Routines can be great. They give a structure to what is essentially a structureless thing and make sure that you’re not just dicking around on the internet, looking at cat memes and whatever argument is brewing on Twitter today. But watch out for the moment when the routine–as embodied in your schedule, your word count spreadsheet, your plan–becomes more important than the actual thing you’re trying to create.
I don’t think this is just limited to creativity, either. When I started running, I had a routine: five days a week. No excuses. On one hand, that worked out fantastically: I was far less likely to flake on a run in favour of a new video game than I would have been if I’d just said, “eh, I’ll just run whenever I feel like it.” And I ran more, which built skill and endurance faster. But, after a while, the schedule took precedence over other things. Like injury. I kept running with burgeoning plantar fasciitis for a lot longer than I should have, because, in my head, meeting the plan was far, far more fucking important than the pain. I’m lucky I smartened up eventually, or I could have done a lot more damage than I did. As it is, I have a little twinge in my left foot to this day. Which conveniently serves as a reminder not to be so fucking stupid. Not saying I always listen, but…
Writing is the same: having a plan is a great idea, but it should serve you, not the other way around. And sometimes the best way it can serve you is by fucking off altogether.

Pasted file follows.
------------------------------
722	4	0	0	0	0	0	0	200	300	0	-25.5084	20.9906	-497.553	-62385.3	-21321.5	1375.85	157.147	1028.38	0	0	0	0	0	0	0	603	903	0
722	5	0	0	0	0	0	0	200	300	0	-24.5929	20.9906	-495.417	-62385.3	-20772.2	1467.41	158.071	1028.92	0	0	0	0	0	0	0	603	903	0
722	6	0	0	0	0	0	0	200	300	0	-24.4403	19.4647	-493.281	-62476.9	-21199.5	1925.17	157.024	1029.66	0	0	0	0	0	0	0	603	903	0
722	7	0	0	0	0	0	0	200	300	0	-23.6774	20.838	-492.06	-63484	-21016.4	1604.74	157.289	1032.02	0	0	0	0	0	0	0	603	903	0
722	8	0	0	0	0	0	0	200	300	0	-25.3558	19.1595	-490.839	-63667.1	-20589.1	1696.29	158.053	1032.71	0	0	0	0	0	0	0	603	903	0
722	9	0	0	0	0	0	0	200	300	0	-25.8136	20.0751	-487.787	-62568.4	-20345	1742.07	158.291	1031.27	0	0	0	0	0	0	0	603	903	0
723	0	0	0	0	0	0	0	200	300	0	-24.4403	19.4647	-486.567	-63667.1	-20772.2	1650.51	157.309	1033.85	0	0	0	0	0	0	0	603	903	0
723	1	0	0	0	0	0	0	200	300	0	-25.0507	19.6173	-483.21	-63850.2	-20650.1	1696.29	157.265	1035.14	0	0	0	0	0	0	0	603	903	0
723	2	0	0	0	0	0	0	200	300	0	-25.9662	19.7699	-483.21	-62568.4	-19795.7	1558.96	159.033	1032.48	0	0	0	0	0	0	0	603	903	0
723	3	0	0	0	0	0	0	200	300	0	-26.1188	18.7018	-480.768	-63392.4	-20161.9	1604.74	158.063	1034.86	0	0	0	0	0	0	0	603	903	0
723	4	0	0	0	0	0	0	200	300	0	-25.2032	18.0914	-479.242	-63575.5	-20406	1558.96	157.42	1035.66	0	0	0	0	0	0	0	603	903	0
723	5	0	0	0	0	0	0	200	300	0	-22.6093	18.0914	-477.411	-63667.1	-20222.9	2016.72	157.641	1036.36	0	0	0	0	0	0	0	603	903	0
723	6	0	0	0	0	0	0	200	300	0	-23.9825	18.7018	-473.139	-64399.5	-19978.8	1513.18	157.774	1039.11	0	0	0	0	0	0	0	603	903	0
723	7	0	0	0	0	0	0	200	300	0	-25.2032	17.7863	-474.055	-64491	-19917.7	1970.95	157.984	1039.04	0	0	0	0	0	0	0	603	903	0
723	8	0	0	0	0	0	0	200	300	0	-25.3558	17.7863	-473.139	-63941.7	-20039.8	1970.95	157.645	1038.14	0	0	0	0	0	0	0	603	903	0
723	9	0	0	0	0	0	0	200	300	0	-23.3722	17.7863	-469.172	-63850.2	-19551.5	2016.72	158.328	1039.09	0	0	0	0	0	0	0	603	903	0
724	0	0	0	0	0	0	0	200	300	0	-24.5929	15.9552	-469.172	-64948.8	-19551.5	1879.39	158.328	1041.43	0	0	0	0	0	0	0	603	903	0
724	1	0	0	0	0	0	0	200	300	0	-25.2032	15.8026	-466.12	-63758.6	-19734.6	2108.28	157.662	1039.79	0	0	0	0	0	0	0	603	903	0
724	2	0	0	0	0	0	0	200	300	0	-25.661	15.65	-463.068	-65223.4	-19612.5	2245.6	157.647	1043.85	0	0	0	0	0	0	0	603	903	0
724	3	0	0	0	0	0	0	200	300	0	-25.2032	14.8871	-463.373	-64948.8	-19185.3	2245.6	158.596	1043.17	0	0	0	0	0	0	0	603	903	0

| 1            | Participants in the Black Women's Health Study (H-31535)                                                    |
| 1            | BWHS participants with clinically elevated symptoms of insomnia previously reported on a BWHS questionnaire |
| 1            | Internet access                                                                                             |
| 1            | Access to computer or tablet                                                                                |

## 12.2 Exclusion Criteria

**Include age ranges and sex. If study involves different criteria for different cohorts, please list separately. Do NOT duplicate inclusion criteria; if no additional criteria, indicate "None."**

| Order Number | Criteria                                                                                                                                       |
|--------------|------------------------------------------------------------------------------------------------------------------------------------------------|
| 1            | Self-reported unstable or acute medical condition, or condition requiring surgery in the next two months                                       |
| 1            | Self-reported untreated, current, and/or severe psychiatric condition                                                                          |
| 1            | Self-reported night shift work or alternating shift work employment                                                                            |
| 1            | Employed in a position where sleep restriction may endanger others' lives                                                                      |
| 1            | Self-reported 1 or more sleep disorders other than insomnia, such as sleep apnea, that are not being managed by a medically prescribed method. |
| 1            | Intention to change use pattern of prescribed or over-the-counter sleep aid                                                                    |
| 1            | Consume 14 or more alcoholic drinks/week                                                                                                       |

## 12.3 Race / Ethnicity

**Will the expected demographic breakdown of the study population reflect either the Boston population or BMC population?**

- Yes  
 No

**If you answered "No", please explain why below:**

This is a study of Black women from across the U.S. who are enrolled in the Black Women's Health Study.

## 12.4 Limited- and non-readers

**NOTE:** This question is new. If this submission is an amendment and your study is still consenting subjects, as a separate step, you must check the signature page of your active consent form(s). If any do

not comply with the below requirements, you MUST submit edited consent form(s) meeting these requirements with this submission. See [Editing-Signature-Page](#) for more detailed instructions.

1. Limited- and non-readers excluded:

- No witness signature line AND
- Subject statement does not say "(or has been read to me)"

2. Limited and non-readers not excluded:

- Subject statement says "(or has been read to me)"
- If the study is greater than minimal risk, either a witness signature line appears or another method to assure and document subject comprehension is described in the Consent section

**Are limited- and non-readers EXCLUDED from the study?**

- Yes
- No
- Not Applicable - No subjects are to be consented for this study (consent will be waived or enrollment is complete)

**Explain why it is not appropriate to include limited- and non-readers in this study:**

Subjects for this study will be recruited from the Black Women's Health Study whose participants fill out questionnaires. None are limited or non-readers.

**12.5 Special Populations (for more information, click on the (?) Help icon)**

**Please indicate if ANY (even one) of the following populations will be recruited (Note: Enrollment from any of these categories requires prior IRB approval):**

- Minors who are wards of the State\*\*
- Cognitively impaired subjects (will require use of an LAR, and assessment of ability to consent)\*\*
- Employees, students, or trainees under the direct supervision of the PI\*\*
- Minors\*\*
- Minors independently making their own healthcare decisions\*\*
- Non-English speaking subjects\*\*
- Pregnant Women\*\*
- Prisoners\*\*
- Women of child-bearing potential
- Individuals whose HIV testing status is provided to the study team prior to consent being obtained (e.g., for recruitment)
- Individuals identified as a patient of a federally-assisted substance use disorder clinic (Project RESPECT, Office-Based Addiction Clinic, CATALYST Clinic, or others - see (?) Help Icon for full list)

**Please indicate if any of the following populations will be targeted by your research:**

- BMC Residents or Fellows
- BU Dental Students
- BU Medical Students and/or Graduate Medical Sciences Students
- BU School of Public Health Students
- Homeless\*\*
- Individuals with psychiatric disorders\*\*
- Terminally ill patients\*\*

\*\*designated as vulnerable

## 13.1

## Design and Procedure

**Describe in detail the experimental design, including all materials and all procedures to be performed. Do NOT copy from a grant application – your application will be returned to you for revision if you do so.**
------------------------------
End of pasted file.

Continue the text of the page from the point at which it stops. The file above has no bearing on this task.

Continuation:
Getting away from my daily stuff–the word counts, the research goals, the deadlines–cut something loose inside my head and helped me solve plot problems I’ve been working on for months. Part of it was because I was hanging around another, very creative person that I could bounce ideas off. But I think a lot of it was just the change. The routine ceased to matter at all, and the ideas flowed.
Now that I’ve returned home, I have gotten back into a routine. But it’s a different one. The time away also allowed me to reassess my day, see where it was helping and where it was holding me back. And I can put those ideas into practice, make something out of them.
So, if you’re a planner, inject a little chaos into your life. Your creativity will thank you. And the routine will still be there when you get back, ready to put all that new madness to good use.